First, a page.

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View Full Version : Is this a theory?or just some1's words?


Nadia2006
Nov 21st, 2006, 09:33 PM
I once read somewhere that if people are positive towards certains shares (in the share market), they will go out and buy it and hence that share will do well. I dont know if any1 has heard of it :S

I'd like to read more about it but cant find anything, does any1 know if its a theory of some kind? or just something some1 said?

BUBI
Nov 21st, 2006, 09:50 PM
:haha::weirdo:

Nadia2006
Nov 21st, 2006, 10:17 PM
:haha::weirdo:

The example is based on Rotter(1954)'s Social Learning Theory. Rotter's conception of 'generalised expectancies' can be explained as 'the probability held by the individual that a particular reinforcement will occur as a function of a specific behaviour on his part in a specific situation or situations'.

Basically, he advocates that the potential to behave is some function of the expectancy regarding a favourable outcome of that behaviour, and the value of the outcome of that behaviour.

You can relate the share market example to this.

Next time please do not make fun of someone just because you do not understand them.

Paul.
Nov 21st, 2006, 10:20 PM
The example is based on Rotter(1954)'s Social Learning Theory. Rotter's conception of 'generalised expectancies' can be explained as 'the probability held by the individual that a particular reinforcement will occur as a function of a specific behaviour on his part in a specific situation or situations'.

Basically, he advocates that the potential to behave is some function of the expectancy regarding a favourable outcome of that behaviour, and the value of the outcome of that behaviour.

You can relate the share market example to this.

Next time please do not make fun of someone just because you do not understand them.

stick that in ya pipe and smoke it Anna C :lol:

quasar
Nov 21st, 2006, 11:29 PM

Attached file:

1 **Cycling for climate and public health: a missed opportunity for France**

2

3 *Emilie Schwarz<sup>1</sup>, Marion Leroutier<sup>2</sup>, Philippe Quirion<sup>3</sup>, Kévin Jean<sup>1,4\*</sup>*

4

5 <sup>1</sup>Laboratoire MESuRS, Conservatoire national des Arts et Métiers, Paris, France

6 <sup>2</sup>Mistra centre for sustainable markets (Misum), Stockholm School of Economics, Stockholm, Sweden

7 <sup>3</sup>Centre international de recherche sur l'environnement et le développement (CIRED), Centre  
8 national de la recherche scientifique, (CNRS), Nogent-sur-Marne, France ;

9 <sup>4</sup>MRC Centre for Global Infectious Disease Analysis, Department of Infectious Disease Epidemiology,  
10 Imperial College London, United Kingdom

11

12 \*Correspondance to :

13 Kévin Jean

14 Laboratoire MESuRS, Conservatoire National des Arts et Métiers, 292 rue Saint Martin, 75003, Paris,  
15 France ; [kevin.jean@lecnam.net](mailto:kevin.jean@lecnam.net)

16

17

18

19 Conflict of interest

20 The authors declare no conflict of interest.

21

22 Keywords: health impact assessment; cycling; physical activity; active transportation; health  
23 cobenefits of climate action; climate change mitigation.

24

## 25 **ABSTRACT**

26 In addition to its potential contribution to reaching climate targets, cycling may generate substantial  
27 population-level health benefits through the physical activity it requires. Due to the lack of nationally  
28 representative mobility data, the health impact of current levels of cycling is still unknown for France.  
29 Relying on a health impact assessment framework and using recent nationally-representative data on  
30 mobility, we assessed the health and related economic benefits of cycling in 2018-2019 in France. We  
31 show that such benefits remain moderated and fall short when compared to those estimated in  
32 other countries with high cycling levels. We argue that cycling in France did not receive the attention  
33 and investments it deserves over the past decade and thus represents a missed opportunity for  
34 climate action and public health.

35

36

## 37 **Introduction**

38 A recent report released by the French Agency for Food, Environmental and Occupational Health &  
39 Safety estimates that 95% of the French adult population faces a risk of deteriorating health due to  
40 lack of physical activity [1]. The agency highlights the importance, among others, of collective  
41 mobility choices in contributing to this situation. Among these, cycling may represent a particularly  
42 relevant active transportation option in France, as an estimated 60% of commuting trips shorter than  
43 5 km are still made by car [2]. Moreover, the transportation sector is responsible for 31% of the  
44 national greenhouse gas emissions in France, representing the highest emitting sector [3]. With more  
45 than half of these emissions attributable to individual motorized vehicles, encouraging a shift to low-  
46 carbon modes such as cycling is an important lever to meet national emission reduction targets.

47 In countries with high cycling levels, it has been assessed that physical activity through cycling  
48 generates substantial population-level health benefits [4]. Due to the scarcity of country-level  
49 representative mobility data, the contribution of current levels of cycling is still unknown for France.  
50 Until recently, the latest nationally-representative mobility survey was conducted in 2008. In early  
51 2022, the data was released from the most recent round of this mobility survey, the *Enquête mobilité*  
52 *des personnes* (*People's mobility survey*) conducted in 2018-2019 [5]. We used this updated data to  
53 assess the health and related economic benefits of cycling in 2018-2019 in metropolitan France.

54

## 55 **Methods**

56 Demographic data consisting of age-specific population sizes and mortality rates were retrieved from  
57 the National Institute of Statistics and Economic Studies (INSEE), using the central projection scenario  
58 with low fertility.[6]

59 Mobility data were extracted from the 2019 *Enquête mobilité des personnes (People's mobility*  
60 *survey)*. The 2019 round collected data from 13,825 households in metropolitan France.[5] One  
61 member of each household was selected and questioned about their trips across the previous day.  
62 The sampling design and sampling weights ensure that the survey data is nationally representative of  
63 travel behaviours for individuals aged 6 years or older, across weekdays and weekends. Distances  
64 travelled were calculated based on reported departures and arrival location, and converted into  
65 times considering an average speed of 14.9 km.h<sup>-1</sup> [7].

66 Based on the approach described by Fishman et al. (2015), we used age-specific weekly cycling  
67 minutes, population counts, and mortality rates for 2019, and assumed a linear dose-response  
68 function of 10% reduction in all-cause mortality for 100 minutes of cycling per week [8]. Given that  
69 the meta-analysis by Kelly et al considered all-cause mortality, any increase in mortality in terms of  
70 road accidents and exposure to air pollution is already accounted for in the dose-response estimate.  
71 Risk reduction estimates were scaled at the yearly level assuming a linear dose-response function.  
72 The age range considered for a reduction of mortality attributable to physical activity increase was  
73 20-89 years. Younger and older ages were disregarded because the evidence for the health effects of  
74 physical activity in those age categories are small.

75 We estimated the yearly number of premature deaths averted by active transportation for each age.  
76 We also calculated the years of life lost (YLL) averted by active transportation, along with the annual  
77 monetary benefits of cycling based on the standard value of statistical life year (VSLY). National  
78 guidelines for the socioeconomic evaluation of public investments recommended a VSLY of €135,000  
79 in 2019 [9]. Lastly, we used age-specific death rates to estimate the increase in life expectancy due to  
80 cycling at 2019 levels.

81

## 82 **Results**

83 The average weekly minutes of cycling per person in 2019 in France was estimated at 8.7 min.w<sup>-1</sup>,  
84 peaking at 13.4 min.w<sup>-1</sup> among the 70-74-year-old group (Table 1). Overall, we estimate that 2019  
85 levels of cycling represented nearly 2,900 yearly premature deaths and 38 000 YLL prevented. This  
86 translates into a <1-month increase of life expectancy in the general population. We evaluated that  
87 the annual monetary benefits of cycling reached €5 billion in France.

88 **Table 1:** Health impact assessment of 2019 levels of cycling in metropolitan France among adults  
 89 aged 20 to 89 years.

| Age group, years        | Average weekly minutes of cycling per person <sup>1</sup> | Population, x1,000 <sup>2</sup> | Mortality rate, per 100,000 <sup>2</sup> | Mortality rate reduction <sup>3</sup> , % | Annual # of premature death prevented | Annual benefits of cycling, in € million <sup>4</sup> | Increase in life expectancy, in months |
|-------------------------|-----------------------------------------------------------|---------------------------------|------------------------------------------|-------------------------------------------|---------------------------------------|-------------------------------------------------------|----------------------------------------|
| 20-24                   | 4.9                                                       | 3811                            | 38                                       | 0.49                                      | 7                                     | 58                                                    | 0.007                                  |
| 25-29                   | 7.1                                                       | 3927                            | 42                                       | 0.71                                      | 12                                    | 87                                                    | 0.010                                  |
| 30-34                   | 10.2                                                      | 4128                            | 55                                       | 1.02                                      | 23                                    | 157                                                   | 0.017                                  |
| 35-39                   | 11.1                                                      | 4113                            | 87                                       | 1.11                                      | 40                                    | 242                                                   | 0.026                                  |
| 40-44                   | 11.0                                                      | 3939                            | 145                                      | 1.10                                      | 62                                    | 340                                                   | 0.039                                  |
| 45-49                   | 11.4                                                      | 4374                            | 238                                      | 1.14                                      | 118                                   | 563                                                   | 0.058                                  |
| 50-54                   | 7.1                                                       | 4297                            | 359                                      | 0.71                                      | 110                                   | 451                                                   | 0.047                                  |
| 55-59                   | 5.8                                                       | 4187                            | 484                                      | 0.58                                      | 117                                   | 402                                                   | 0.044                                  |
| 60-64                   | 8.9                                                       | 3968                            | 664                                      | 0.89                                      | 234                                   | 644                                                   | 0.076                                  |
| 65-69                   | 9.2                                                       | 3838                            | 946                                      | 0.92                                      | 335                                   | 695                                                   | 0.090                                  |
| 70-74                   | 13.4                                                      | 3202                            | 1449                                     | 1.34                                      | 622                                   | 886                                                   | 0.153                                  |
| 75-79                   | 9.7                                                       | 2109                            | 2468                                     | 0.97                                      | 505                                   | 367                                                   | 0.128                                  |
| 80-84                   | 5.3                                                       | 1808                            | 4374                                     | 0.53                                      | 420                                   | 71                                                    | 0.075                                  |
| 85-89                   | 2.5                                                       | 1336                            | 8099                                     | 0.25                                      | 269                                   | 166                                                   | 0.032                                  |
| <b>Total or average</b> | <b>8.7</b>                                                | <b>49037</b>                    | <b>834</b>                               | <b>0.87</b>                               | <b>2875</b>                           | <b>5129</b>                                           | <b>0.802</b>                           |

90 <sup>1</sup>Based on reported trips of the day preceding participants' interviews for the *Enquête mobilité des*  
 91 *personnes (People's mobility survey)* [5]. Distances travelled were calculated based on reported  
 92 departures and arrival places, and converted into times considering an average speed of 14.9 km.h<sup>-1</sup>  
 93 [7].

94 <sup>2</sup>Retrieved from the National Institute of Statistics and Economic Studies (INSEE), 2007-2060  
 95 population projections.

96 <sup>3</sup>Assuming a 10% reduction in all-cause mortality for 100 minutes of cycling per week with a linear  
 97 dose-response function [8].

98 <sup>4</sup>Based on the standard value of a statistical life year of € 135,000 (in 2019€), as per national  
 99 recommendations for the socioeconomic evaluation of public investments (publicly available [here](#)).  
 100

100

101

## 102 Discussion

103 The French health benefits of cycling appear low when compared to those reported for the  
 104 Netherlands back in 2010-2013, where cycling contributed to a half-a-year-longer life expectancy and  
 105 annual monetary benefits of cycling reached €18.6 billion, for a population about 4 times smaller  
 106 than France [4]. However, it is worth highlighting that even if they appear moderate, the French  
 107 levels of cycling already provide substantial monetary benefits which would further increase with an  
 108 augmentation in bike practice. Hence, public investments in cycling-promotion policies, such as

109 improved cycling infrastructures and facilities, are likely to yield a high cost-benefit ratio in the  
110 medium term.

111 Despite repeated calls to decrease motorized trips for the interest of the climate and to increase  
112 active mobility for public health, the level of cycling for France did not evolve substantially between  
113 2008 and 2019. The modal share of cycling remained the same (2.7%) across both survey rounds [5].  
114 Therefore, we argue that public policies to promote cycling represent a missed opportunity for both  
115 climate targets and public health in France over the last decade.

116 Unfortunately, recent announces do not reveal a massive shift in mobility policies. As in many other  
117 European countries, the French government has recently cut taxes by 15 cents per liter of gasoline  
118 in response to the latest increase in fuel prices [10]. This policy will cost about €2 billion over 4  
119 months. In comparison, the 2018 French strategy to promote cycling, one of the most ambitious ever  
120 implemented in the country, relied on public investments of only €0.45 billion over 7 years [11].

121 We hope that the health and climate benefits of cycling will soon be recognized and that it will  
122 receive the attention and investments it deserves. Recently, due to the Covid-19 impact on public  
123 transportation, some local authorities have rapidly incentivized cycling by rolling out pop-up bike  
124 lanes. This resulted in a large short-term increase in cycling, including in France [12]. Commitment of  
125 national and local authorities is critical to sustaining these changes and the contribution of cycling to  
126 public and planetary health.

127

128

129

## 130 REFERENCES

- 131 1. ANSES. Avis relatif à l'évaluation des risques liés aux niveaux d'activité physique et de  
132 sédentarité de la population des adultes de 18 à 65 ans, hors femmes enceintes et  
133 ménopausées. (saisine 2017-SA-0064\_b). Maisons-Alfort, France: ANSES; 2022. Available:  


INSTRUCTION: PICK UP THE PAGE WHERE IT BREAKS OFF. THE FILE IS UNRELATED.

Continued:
Not that knowledgeable abour finance, sociology or economics, but, since I did stay at a Holyday-Inn last night, I'll chime in. :)

People invest in the stock market in hopes of obtaining a financial gain. If you expect certain company's shares to go up (because it just came out with a revolutionary product, earnings are expected to surpass market expectations...), it will make sense for you to buy them. If many people follow this trend (based on your same reasoning, or as an example of mob behavior), the sudden demand should allow the share price to appreciate in the short term (the interaction of supply and demand for a certain good being a key determinant of its price).

However, in the long term, the company's fundamentals--leverage, competitive position in the market, quality of management...--as well as the industry's and overall economy's performance, should be the key determinants of a stock's market valuation--rather than people's short term expectations.

Behavior-wise, I think you could analogize this to a movie opening. If early buzz is favorable, people will flock the theaters during opening weekend (short term). Afterwards, when information spreads more amply and educated decisions are more easily forthcoming, if everyone realizes that the underlaying product--be it a movie or a company--is not as good as initially expected, box office recipes--or stock prices--will be driven down, i.e., short term, a certain behavior can be possitively reinforced by social dynamics and risk-reward perceptions mostly due to the abscence of quality information (leading to a self-fulfilling prophecy) but, in the long term, people will be armed with better information, allowing for individual decisions--rather than "mob-induced"-- to predominate over collective-based ones.